Too cool. Having spent 4 years at Dell and then having to leave Austin in conjunction with my choice to leave the company in early ’06, I am the poster child for this post! While we feel pretty settled in DC now, I have come to realize that you never get over Austin. Ever.
Lionel Menchaca & Co are certainly making the Dell brand something that millions in ads never could – personal. And maybe a little weird too.
I like the weird/wired justaposition. I spent a week in Austin at a PPA conference a few years ago and had a fantastic time. The town has a definite unique vibe. I raved about it so much my daughter(recent college grad) is planning to move there next spring. Then I will have an excuse to visit there more often. Wahoo!
Brilliant, Hugh! See you next week, right here where we’re keeping Austin weird.
That’s a great challenge to lay down. Personal and provocative. Some people will say that their products won’t ever be weird but they’re missing the point. Austin weird is not the same as worldwide weird.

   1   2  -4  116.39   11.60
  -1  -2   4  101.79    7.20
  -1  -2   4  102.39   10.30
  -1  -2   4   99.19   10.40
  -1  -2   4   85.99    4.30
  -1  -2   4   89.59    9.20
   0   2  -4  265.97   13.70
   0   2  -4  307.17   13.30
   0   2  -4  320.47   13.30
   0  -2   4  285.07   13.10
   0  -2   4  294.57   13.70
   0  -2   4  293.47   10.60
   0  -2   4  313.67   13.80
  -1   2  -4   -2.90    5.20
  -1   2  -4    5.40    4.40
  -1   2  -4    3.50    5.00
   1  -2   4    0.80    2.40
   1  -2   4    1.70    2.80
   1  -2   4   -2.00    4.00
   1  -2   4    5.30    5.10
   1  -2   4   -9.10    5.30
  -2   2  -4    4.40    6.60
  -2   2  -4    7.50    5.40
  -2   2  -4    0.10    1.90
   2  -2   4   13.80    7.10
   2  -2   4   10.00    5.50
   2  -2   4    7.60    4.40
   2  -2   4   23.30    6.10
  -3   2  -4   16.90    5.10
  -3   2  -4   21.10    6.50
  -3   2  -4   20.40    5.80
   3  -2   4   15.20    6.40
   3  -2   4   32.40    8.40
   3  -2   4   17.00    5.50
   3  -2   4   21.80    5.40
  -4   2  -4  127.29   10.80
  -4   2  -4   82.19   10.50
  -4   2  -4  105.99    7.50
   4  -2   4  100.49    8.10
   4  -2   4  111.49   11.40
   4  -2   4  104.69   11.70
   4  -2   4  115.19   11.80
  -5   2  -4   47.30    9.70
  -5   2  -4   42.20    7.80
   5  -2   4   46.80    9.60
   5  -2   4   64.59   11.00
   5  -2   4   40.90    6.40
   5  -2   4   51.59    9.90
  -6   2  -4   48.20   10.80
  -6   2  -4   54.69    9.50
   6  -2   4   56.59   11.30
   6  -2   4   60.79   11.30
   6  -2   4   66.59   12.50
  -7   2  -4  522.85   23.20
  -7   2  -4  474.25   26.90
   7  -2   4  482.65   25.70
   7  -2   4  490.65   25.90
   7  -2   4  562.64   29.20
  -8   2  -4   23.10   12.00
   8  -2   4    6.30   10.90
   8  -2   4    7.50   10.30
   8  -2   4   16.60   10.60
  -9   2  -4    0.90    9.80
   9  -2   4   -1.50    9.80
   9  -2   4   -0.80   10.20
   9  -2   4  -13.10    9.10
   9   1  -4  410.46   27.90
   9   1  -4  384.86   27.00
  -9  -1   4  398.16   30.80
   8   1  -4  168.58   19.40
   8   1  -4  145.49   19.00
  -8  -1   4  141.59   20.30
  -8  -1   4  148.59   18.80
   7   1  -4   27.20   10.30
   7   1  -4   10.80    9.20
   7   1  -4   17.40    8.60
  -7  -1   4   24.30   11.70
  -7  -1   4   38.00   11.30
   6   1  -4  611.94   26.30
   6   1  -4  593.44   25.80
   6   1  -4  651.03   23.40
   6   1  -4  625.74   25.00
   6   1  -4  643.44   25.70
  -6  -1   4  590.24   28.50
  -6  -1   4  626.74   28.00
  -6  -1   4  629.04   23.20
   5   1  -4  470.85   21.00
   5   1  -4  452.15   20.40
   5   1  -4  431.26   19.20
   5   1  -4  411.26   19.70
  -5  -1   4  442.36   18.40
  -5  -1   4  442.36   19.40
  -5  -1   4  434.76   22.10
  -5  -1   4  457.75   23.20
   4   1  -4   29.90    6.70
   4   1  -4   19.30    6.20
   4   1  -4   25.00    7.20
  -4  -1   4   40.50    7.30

Love it, Hugh!
Like a lot of us in the area, I’m a huge fan of Austin. Besides that, I like your explanation behind it. I think you’re onto something.
And besides, I like it much better than Round Rock’s lesser known slogan, “Keep Round Rock Mildly Unusual.”
I’ll share this with the the broader Dell team.
I’ve been reading your stuff for a while and never been compelled to comment until this genius post. It’s got a “you can take the girl out of the trailer park, but you can never take the trailer park out of the girl” flair to it. Does this describe how I feel about Dell? No. But as a student of urban geography – it speak leagues to the impact surroundings have on corporate culture. I wonder what kind of company Dell would be if they were from Toledo?
When deciding to go weird taxes are not a consideration. Sorry.
@Brooks Van Norman;